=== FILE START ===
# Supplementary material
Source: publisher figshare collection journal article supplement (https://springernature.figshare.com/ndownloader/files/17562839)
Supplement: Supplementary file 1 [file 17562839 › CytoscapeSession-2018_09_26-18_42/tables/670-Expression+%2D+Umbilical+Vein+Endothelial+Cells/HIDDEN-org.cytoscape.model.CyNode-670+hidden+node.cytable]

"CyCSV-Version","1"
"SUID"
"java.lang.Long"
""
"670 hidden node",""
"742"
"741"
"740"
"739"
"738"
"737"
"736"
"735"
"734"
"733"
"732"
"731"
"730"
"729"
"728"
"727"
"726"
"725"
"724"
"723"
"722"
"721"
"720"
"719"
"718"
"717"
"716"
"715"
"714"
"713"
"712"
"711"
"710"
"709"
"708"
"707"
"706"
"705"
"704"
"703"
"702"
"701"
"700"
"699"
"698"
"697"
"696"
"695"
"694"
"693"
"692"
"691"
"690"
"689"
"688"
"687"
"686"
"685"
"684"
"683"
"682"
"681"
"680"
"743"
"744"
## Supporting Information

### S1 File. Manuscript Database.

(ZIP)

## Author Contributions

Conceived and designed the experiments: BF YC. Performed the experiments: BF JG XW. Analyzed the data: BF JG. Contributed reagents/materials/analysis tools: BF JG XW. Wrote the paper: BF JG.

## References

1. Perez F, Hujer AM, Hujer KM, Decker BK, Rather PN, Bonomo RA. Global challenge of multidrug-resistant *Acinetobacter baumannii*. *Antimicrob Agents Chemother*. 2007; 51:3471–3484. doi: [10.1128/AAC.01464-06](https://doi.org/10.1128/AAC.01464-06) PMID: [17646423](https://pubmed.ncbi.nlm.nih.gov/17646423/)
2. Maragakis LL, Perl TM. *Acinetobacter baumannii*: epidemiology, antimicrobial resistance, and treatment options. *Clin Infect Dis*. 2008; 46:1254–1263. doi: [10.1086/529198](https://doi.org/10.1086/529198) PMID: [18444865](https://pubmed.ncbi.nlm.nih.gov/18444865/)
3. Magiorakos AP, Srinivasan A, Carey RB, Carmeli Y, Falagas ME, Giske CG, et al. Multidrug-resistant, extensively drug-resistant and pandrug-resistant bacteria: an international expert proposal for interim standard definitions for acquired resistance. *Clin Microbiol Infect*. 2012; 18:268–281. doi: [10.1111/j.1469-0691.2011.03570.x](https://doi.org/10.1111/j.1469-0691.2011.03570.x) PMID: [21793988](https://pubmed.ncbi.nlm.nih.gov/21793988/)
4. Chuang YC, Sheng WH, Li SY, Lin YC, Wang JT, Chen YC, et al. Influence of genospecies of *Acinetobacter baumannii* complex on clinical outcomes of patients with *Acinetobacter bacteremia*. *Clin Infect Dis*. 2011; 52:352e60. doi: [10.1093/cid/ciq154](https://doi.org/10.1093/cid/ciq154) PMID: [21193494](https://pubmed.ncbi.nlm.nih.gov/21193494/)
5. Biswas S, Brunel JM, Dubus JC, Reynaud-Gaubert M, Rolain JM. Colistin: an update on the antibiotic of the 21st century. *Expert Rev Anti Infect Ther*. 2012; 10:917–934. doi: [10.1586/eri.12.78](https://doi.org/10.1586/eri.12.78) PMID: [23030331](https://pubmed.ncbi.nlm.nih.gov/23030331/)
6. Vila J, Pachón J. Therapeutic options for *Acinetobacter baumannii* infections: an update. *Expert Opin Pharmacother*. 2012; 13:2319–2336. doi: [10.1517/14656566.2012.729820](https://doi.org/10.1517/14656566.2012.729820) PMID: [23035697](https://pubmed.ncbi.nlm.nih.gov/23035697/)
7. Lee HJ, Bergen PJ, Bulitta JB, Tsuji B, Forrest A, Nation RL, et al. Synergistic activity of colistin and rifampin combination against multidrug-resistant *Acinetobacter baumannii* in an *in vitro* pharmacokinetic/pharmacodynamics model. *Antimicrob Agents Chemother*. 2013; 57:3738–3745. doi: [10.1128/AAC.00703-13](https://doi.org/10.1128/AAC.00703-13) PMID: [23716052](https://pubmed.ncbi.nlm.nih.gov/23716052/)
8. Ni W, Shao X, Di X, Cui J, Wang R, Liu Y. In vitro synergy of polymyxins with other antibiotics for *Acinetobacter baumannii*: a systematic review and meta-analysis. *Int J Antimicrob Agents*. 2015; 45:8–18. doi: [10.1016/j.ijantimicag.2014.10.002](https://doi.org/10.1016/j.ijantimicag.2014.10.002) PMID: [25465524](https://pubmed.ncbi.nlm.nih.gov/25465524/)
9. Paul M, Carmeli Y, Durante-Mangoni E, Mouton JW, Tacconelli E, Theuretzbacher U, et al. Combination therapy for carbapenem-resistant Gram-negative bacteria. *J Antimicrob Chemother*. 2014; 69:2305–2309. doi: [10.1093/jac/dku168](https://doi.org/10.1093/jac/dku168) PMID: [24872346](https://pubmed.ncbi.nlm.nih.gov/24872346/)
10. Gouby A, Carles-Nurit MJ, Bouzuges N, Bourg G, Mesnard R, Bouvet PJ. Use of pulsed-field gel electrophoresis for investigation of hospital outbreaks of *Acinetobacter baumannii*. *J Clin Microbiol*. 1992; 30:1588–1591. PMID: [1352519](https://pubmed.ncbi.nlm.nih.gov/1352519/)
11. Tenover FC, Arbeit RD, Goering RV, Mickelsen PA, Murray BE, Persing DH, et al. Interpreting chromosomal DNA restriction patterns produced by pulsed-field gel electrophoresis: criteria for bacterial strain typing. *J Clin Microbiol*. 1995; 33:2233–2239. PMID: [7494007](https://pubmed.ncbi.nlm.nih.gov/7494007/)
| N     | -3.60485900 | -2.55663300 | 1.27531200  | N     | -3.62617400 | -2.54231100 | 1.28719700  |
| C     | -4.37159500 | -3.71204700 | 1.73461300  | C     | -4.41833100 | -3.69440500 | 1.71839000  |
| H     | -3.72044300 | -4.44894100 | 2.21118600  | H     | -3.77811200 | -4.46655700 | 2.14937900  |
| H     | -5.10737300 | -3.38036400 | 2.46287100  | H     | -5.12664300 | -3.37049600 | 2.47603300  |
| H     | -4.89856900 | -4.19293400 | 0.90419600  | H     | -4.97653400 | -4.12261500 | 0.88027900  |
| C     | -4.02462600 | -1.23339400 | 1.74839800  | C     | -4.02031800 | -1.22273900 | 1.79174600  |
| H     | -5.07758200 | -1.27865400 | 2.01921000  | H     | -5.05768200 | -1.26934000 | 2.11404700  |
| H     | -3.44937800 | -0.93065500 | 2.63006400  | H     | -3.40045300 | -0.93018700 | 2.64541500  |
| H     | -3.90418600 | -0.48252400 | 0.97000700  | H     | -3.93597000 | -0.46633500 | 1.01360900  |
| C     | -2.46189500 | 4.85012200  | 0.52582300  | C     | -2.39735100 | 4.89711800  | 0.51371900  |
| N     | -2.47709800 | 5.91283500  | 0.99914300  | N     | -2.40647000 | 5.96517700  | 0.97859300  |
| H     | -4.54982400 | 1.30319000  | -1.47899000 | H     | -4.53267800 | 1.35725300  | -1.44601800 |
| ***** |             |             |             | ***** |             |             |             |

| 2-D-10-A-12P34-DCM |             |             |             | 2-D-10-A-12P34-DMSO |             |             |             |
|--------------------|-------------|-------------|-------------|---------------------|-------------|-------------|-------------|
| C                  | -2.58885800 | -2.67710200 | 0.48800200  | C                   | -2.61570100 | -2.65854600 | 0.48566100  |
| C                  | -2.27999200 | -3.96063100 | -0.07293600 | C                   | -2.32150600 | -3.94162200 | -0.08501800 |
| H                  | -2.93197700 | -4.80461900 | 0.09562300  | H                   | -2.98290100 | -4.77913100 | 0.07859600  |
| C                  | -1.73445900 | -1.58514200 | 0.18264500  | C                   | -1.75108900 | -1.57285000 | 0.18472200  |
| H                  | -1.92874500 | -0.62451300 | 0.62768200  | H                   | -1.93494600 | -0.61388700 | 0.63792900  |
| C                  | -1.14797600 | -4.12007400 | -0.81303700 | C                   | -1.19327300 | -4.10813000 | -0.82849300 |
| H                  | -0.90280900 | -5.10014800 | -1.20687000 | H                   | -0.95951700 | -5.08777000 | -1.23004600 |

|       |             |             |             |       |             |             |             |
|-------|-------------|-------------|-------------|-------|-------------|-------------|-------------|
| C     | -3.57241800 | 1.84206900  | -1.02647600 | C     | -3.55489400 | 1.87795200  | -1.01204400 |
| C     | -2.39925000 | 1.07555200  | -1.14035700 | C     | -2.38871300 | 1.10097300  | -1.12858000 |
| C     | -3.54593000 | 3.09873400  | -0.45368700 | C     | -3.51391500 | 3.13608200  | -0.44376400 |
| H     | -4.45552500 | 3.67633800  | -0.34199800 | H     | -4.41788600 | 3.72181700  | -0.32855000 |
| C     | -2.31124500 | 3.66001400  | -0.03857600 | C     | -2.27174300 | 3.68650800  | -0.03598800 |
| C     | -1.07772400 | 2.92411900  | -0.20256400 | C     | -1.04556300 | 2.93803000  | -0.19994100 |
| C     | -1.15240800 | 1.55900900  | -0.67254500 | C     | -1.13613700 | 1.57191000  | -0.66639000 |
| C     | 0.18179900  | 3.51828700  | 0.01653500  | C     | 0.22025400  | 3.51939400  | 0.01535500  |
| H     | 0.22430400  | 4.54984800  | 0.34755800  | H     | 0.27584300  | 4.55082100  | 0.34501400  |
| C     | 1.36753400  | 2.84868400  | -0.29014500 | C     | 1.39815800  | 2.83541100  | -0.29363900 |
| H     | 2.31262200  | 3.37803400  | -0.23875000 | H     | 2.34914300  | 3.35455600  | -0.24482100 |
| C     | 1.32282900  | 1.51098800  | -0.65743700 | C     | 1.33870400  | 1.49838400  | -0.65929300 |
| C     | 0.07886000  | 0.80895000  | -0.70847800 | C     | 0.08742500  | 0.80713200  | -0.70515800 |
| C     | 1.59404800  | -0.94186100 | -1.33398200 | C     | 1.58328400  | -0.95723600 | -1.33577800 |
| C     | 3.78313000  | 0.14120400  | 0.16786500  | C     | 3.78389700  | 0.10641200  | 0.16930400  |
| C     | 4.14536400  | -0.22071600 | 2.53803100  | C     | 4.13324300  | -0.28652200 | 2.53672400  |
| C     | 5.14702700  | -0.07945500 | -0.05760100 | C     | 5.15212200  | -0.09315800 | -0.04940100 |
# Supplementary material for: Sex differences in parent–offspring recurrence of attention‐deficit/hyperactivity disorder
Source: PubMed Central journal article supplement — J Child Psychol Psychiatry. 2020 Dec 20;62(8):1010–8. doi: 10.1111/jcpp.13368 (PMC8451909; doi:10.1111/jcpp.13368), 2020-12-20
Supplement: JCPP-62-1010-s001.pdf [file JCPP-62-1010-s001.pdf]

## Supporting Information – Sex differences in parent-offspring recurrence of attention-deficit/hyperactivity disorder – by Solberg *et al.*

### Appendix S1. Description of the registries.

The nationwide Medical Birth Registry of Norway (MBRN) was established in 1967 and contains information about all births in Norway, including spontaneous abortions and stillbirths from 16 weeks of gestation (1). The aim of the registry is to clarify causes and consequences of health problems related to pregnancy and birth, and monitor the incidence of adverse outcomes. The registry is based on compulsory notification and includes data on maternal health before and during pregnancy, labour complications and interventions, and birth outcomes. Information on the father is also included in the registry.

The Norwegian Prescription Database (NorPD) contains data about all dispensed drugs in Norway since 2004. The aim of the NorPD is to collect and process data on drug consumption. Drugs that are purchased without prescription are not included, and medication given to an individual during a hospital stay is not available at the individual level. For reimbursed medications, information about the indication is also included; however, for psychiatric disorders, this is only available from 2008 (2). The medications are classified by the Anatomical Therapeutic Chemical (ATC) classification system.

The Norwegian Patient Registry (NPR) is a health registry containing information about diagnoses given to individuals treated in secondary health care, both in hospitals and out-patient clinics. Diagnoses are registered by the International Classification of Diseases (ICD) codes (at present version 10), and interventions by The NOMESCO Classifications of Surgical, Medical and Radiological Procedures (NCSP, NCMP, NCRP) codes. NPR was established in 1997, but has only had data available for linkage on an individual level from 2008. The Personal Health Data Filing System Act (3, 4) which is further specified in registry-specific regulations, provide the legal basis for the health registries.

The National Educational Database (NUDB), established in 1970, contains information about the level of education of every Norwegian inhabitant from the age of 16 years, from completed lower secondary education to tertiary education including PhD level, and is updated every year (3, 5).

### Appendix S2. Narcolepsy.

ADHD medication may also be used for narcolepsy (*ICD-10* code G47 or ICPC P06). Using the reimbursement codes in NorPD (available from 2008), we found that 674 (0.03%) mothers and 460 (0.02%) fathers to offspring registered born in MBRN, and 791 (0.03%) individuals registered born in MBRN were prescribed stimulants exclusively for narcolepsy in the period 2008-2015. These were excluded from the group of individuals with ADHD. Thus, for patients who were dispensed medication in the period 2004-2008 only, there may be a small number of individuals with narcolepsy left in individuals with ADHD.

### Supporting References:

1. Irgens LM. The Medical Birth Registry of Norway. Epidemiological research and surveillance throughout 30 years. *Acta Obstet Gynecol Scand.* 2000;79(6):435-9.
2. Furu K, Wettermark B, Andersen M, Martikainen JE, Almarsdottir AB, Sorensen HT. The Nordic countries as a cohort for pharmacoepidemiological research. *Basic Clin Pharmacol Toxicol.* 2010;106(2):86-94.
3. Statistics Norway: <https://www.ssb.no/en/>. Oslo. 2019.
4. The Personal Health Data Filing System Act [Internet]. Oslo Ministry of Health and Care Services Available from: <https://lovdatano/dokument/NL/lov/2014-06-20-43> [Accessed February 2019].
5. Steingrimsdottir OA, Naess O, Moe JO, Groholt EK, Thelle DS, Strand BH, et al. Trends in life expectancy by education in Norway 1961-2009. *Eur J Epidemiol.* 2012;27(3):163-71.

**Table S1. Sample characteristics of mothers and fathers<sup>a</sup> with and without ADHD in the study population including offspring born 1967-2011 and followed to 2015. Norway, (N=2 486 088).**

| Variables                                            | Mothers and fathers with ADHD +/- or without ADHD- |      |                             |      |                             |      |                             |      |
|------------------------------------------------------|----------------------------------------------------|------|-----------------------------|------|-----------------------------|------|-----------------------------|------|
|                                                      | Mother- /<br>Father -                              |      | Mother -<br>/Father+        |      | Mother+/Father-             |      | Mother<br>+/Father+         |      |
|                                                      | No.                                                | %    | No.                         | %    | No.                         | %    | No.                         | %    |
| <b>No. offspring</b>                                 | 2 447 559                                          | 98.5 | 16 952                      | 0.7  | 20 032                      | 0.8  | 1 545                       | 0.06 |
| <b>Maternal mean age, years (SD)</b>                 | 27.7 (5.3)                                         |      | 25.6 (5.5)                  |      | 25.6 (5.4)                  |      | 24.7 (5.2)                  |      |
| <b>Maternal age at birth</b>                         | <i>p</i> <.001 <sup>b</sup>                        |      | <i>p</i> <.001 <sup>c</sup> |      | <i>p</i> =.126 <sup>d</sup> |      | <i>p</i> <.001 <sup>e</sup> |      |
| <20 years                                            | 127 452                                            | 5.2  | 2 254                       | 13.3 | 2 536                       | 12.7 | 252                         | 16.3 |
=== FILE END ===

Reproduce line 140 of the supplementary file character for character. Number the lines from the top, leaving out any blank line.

The National Educational Database (NUDB), established in 1970, contains information about the level of education of every Norwegian inhabitant from the age of 16 years, from completed lower secondary education to tertiary education including PhD level, and is updated every year (3, 5).